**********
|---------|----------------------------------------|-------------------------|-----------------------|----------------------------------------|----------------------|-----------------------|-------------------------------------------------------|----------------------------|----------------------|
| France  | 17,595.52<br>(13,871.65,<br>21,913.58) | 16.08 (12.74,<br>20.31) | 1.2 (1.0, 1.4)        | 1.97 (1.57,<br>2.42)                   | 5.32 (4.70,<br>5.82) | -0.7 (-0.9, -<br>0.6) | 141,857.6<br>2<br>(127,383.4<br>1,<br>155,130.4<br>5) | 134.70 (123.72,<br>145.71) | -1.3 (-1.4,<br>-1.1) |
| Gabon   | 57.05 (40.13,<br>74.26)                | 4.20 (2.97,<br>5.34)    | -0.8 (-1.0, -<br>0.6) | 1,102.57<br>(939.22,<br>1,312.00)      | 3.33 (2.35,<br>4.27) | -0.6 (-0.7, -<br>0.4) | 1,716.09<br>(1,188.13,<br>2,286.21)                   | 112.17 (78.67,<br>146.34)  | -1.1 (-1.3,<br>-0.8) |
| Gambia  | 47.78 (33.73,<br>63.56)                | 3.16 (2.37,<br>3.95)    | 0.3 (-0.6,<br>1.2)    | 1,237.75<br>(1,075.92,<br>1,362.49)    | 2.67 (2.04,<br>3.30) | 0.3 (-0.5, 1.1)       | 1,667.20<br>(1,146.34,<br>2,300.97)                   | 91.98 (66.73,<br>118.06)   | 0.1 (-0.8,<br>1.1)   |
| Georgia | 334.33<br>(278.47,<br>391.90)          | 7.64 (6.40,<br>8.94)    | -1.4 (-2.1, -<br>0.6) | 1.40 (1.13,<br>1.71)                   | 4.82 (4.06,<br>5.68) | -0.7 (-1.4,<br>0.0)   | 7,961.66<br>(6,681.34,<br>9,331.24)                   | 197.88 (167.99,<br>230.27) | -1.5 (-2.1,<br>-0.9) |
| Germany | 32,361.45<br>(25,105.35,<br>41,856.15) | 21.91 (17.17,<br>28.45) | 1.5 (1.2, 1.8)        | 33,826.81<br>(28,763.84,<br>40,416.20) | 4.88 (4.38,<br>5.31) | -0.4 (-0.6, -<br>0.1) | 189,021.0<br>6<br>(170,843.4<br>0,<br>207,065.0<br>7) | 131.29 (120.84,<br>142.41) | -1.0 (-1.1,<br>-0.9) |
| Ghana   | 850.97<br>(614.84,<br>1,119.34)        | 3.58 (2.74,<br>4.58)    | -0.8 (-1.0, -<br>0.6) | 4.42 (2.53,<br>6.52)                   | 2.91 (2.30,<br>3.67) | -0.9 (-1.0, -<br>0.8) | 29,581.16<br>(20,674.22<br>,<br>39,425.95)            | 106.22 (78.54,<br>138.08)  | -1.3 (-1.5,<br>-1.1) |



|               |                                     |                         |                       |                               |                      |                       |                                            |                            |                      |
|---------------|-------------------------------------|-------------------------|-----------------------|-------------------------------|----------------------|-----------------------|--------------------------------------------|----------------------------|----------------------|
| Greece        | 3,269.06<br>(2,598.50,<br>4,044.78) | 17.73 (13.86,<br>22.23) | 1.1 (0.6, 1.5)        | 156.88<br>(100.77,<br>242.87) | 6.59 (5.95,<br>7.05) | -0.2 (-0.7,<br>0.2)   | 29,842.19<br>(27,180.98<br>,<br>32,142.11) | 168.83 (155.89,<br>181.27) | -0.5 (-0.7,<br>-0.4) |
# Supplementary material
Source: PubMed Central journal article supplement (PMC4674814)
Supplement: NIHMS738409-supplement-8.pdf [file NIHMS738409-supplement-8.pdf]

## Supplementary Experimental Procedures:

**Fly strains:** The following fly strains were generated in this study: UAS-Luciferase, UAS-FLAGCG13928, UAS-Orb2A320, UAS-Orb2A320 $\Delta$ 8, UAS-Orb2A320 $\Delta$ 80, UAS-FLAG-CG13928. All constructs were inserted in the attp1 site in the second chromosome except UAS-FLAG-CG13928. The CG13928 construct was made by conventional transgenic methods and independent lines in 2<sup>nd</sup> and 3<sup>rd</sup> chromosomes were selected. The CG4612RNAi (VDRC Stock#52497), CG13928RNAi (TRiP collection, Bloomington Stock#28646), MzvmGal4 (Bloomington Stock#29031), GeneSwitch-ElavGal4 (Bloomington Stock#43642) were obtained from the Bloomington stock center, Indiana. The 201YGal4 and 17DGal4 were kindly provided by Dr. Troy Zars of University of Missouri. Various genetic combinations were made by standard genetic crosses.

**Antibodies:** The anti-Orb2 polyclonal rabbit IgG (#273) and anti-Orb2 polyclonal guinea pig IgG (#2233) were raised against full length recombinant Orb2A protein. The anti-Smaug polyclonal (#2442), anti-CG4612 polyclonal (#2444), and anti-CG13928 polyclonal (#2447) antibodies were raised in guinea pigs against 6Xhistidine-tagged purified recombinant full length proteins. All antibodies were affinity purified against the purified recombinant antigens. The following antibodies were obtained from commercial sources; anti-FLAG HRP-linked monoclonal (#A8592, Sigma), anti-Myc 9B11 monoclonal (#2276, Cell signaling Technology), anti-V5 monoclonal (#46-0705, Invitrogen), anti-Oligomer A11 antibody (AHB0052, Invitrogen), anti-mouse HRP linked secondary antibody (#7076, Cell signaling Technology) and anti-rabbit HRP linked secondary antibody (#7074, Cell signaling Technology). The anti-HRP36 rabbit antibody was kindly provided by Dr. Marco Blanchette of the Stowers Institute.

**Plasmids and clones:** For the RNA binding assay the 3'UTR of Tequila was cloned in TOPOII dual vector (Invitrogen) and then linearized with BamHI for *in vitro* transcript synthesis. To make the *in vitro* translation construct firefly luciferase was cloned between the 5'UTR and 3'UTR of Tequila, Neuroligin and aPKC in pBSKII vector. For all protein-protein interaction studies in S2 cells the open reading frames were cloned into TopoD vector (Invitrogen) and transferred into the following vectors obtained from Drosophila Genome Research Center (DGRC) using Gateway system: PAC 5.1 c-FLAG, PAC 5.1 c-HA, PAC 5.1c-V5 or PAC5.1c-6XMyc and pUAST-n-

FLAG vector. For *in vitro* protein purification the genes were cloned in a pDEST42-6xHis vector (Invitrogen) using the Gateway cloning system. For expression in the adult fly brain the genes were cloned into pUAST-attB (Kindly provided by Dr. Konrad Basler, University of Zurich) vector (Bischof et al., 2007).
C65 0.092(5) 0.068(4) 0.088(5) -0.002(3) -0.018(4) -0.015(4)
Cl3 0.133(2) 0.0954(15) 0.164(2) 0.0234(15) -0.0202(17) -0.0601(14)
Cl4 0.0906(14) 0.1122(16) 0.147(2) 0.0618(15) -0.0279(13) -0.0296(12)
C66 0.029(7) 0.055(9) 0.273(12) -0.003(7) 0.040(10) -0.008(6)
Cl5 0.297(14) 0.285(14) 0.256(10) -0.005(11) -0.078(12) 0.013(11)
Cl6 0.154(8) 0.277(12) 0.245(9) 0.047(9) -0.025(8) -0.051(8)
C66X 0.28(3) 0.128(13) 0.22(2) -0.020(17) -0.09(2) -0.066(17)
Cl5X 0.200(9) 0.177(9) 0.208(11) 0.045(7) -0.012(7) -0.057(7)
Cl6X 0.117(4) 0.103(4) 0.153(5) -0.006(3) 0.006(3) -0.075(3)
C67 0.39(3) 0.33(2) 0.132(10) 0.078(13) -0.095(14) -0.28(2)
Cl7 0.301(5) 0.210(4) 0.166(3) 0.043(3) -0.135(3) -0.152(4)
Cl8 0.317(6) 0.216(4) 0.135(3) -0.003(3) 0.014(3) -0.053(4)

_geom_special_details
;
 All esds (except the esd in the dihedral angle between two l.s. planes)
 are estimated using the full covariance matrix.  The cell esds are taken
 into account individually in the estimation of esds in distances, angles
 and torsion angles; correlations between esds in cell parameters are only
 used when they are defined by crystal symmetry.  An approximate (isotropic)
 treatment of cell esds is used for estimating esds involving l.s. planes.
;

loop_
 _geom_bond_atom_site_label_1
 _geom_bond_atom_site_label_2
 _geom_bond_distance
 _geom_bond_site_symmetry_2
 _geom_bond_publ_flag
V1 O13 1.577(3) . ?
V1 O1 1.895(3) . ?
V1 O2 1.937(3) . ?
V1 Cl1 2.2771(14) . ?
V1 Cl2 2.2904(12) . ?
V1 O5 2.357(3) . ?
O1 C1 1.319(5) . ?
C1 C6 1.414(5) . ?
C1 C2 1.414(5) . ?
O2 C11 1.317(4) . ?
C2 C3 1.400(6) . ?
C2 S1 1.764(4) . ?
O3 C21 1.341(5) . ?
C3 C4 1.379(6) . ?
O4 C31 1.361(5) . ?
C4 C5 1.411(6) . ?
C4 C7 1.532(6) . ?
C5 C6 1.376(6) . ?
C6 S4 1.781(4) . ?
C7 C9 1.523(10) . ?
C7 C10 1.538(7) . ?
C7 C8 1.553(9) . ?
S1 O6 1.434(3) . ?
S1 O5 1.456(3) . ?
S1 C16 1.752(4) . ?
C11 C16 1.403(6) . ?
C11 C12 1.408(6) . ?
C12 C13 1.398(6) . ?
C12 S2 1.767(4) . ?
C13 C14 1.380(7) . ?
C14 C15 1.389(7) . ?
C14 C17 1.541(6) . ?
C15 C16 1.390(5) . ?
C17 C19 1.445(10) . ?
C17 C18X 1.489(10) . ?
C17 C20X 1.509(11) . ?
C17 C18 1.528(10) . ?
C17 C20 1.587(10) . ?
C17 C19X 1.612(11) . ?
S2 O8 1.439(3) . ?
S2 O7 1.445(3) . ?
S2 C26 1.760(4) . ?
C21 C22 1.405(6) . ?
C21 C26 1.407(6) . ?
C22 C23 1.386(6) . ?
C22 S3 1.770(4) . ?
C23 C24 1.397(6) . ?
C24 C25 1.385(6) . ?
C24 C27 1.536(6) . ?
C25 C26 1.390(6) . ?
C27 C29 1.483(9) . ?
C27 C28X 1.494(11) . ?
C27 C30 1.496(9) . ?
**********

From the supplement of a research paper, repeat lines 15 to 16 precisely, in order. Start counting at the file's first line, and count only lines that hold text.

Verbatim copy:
**Fly strains:** The following fly strains were generated in this study: UAS-Luciferase, UAS-FLAGCG13928, UAS-Orb2A320, UAS-Orb2A320 $\Delta$ 8, UAS-Orb2A320 $\Delta$ 80, UAS-FLAG-CG13928. All constructs were inserted in the attp1 site in the second chromosome except UAS-FLAG-CG13928. The CG13928 construct was made by conventional transgenic methods and independent lines in 2<sup>nd</sup> and 3<sup>rd</sup> chromosomes were selected. The CG4612RNAi (VDRC Stock#52497), CG13928RNAi (TRiP collection, Bloomington Stock#28646), MzvmGal4 (Bloomington Stock#29031), GeneSwitch-ElavGal4 (Bloomington Stock#43642) were obtained from the Bloomington stock center, Indiana. The 201YGal4 and 17DGal4 were kindly provided by Dr. Troy Zars of University of Missouri. Various genetic combinations were made by standard genetic crosses.

**Antibodies:** The anti-Orb2 polyclonal rabbit IgG (#273) and anti-Orb2 polyclonal guinea pig IgG (#2233) were raised against full length recombinant Orb2A protein. The anti-Smaug polyclonal (#2442), anti-CG4612 polyclonal (#2444), and anti-CG13928 polyclonal (#2447) antibodies were raised in guinea pigs against 6Xhistidine-tagged purified recombinant full length proteins. All antibodies were affinity purified against the purified recombinant antigens. The following antibodies were obtained from commercial sources; anti-FLAG HRP-linked monoclonal (#A8592, Sigma), anti-Myc 9B11 monoclonal (#2276, Cell signaling Technology), anti-V5 monoclonal (#46-0705, Invitrogen), anti-Oligomer A11 antibody (AHB0052, Invitrogen), anti-mouse HRP linked secondary antibody (#7076, Cell signaling Technology) and anti-rabbit HRP linked secondary antibody (#7074, Cell signaling Technology). The anti-HRP36 rabbit antibody was kindly provided by Dr. Marco Blanchette of the Stowers Institute.